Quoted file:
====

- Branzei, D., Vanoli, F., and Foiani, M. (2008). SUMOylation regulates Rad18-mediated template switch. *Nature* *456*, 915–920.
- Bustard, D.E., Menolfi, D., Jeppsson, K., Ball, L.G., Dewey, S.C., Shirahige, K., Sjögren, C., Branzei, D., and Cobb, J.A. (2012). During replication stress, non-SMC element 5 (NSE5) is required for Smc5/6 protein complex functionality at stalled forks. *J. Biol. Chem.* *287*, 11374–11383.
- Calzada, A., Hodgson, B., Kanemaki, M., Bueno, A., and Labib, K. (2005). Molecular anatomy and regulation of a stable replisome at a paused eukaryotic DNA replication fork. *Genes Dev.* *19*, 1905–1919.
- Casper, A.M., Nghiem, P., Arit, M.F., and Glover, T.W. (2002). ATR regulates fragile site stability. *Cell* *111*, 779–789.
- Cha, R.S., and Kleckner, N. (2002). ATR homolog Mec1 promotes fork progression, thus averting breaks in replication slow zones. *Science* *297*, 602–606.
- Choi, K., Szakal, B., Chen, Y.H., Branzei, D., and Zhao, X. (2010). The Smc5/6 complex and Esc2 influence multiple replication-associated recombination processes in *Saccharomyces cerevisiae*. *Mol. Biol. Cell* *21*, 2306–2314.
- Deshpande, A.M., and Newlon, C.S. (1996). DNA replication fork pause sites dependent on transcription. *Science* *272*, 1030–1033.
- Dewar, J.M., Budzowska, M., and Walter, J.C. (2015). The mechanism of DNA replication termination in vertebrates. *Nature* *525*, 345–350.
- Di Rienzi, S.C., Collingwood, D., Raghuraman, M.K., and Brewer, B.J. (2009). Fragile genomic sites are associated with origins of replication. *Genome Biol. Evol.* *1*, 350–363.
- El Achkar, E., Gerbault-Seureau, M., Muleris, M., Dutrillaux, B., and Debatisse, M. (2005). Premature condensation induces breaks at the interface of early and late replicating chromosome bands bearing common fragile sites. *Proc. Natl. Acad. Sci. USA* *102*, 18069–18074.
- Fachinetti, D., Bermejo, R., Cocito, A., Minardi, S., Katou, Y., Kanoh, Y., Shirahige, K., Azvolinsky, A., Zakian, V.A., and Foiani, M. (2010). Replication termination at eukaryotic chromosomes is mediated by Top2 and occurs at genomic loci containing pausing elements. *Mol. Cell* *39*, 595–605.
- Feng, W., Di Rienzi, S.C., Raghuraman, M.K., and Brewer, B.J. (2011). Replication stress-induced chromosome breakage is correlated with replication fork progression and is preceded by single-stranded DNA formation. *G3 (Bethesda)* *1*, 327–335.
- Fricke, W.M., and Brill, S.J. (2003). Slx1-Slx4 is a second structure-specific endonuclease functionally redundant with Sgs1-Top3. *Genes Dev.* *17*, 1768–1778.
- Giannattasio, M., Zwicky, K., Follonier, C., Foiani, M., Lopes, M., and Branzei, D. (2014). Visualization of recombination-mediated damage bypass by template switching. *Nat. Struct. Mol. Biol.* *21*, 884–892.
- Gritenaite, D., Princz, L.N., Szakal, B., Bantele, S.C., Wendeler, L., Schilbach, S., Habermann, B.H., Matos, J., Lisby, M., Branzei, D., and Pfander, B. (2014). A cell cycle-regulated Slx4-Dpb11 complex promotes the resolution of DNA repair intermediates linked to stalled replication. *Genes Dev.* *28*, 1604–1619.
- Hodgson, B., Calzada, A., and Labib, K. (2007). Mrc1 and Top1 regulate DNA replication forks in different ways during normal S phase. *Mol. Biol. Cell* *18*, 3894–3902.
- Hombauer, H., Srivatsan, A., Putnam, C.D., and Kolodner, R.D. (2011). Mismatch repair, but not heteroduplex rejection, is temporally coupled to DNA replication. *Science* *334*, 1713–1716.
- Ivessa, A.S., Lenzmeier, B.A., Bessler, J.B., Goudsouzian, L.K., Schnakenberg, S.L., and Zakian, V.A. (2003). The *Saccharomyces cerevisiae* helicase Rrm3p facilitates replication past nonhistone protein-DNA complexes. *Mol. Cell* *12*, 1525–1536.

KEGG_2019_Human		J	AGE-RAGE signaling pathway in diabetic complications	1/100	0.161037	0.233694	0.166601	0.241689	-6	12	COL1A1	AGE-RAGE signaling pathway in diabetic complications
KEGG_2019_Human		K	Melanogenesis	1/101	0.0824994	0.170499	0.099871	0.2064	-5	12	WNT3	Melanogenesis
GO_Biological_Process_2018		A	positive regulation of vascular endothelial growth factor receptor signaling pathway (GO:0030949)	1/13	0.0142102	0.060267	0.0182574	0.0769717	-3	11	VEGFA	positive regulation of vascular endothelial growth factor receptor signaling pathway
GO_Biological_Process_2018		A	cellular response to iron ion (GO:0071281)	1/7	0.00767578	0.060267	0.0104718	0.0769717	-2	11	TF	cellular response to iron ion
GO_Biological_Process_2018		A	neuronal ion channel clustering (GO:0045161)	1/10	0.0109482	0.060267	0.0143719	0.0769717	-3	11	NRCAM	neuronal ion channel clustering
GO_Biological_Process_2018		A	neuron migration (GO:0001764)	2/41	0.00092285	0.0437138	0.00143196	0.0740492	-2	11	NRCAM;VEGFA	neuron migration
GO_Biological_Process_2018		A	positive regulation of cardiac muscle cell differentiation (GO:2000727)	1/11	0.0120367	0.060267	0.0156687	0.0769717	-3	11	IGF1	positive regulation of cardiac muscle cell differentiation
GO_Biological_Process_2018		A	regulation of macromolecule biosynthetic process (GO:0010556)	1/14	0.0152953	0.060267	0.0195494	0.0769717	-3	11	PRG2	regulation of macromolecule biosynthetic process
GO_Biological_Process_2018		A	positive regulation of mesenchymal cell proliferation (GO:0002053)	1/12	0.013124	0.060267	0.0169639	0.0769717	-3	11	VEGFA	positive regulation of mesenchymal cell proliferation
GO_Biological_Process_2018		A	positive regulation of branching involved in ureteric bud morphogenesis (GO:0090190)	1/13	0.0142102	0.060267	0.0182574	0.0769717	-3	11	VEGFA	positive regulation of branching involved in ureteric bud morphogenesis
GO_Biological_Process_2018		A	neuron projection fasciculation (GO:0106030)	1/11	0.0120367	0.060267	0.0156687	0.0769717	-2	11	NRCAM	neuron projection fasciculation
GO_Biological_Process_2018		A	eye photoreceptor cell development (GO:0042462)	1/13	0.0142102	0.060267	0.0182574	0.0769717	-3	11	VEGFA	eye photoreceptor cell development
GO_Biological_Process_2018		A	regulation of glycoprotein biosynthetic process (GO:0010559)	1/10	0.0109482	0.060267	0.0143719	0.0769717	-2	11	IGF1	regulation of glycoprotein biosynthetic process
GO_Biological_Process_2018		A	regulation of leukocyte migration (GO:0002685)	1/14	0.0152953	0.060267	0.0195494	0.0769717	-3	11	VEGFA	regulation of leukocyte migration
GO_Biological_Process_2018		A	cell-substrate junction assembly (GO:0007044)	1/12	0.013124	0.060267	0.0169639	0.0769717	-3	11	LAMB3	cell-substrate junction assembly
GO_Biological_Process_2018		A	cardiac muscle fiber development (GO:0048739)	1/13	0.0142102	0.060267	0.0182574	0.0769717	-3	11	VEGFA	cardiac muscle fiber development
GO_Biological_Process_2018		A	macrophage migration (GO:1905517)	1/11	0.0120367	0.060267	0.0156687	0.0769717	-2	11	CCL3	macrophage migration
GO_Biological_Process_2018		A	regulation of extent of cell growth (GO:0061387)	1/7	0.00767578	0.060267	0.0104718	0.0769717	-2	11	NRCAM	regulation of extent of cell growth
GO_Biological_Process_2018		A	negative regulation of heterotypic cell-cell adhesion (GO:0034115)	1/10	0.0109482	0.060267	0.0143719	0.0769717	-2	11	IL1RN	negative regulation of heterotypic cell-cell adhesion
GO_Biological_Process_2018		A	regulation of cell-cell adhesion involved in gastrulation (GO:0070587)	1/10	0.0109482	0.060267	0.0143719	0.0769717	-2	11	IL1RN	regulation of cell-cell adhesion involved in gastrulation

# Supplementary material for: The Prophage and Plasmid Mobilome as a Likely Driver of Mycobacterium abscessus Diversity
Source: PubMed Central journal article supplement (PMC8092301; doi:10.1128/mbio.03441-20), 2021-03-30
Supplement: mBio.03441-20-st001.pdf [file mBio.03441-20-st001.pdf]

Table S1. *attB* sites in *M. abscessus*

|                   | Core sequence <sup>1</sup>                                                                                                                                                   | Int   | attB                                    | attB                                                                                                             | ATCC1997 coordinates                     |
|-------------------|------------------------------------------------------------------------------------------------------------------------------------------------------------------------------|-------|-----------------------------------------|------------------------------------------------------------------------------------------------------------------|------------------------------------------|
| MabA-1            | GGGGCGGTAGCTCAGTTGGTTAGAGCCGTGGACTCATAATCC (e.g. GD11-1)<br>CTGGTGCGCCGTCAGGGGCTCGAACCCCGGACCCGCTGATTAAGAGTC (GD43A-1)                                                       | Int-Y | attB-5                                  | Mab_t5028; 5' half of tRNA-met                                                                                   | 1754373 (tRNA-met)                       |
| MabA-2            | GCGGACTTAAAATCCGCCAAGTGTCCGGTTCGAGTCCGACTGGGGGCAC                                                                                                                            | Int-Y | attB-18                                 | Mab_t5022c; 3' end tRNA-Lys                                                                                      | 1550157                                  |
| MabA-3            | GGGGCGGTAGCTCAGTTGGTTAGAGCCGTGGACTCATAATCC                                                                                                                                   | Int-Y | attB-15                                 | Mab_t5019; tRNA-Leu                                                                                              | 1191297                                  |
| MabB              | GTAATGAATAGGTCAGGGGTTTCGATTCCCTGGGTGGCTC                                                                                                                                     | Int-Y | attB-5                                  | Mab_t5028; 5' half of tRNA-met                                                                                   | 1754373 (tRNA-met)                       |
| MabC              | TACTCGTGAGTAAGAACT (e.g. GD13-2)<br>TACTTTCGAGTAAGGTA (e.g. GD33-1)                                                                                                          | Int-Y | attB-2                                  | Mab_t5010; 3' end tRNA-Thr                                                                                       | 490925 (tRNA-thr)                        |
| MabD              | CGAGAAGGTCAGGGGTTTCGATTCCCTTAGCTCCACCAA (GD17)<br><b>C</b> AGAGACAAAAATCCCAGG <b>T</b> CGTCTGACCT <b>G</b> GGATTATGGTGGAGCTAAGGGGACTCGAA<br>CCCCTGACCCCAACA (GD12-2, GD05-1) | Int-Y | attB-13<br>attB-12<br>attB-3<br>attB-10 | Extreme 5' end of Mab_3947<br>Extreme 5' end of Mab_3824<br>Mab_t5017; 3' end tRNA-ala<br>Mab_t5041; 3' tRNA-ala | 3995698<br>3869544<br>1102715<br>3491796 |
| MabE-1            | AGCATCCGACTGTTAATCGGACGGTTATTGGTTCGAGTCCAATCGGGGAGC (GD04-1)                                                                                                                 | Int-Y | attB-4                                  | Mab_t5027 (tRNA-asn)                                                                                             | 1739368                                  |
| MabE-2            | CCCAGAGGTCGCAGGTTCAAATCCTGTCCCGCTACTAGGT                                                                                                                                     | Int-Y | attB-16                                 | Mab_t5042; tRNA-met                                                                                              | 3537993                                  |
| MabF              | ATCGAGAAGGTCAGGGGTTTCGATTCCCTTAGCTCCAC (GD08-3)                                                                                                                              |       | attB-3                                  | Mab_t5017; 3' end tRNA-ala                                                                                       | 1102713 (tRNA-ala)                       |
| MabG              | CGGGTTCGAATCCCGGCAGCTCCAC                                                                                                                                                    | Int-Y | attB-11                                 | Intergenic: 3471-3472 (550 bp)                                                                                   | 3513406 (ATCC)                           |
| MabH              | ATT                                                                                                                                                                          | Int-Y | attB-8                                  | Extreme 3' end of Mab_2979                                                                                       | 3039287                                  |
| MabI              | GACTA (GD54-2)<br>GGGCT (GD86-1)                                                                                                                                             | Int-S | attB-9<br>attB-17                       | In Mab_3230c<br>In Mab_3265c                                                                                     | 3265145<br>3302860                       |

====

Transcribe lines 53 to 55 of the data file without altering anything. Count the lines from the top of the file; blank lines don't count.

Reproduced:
| MabF              | ATCGAGAAGGTCAGGGGTTTCGATTCCCTTAGCTCCAC (GD08-3)                                                                                                                              |       | attB-3                                  | Mab_t5017; 3' end tRNA-ala                                                                                       | 1102713 (tRNA-ala)                       |
| MabG              | CGGGTTCGAATCCCGGCAGCTCCAC                                                                                                                                                    | Int-Y | attB-11                                 | Intergenic: 3471-3472 (550 bp)                                                                                   | 3513406 (ATCC)                           |
| MabH              | ATT                                                                                                                                                                          | Int-Y | attB-8                                  | Extreme 3' end of Mab_2979                                                                                       | 3039287                                  |